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The insured’s responsibility to provide information at claim time

Khadija met with an insurance adviser to review her life insurance cover. Khadija already had a $1,000,000 life insurance policy with one insurer and a further $300,000 life policy with another insurer, but no trauma/critical illness cover or income protection cover.

The adviser’s fact-find document and application form recorded that Khadija was working part-time, 28 hours a week, as an accountant for her own company and studying part-time.

The adviser recommended Khadija combine both life insurance policies with one of the existing insurers, maintaining total life cover of $1,300,000, and cancel the $300,000 policy. The adviser also recommended that Khadija arrange some new cover, including trauma/critical illness cover, as well as a policy that would contribute to her household expenses and mortgage payments if Khadija was disabled and unable to work for a period of time.

Khadija accepted the adviser’s recommendations. She increased her life cover with one insurer to $1,300,000, cancelled the $300,000 policy with the other insurer, and arranged new trauma/critical illness cover, and disability cover. A month later Khadija tripped and fell, injuring her back.

Khadija submitted a claim under her disability policy, stating that she had been working as an accountant for 30 hours a week. She also stated on her ACC form that she had been working for 40 hours a week. When the insurer asked for documents to corroborate Khadija’s income, she was unable to provide convincing information. After making further enquiries, the insurer then discovered that Khadija was a fulltime student. The insurer declined the claim under the disability policy and voided all Khadija’s new insurance policies because it was concerned that Khadija had given it incorrect information about her employment status and income. However, the insurer later agreed to reinstate the $1,000,000 life policy that Khadija had with that insurer before the changes were made.

Khadija complained that the advice she had received from the adviser caused her to lose the $300,000 life insurance policy that she had cancelled on the adviser’s advice. When the complaint was not able to be resolved directly with the adviser, Khadija referred her complaint to FSCL.



Khadija complained that the adviser had not told her, when arranging the new insurance, that she would need to provide financial statements to support any future claim. As a result of this poor advice, Khadija complained she had lost the $300,000 cover she had with the other insurer because she would not have made any changes to her existing cover had she known about the financial statements requirement.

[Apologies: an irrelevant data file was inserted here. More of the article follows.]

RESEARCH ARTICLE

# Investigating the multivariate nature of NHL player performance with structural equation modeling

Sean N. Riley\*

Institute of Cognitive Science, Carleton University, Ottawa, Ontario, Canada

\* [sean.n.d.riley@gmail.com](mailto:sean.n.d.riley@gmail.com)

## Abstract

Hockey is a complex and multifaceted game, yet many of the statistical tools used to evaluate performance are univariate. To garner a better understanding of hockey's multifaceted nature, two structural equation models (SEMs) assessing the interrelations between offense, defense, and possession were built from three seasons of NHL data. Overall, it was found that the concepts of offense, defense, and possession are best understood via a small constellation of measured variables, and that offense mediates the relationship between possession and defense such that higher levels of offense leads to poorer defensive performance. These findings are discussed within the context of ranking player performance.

The adviser stood behind the advice he had given Khadija, saying that he gave cursory advice about the claims process. The adviser noted that Khadija was an accountant and he expected that she would know that audited financial statements would be needed to support a claim. The adviser helped Khadijah during the claims process but could do nothing about her inability to produce the evidence the insurer needed to assess the claim.



We were satisfied that the advice to increase life cover with one insurer, take out new trauma/critical illness and disability cover, and cancel the smaller policy was sound advice and had not caused any loss. Although the first insurer had voided the new policies from inception, this was due to Khadija’s ‘material non-disclosure or misstatement’ in not being completely truthful regarding the income she earned, rather than anything the adviser had done.

We were unable to determine exactly what advice the adviser had given Khadija about the information she would need to provide to support a claim, but we explained to Khadija that this did not appear to be the cause of her loss. It seemed to us that Khadija’s loss was caused by her being unable to give the insurer the information it needed to substantiate the number of hours she was working each week.



We recommended that Khadija discontinue her complaint because the adviser had not caused her loss. Khadija was disappointed that we had not found in her favour, but agreed to discontinue her complaint.


Insights for consumers

You are responsible for providing your insurer with all the information they need to assess your claim. It is also important to tell your adviser your true working arrangements, including income earned and hours worked, when you arrange cover that may provide you for loss of income. In this case, Khadija was fortunate the insurer was prepared to reinstate her earlier policy.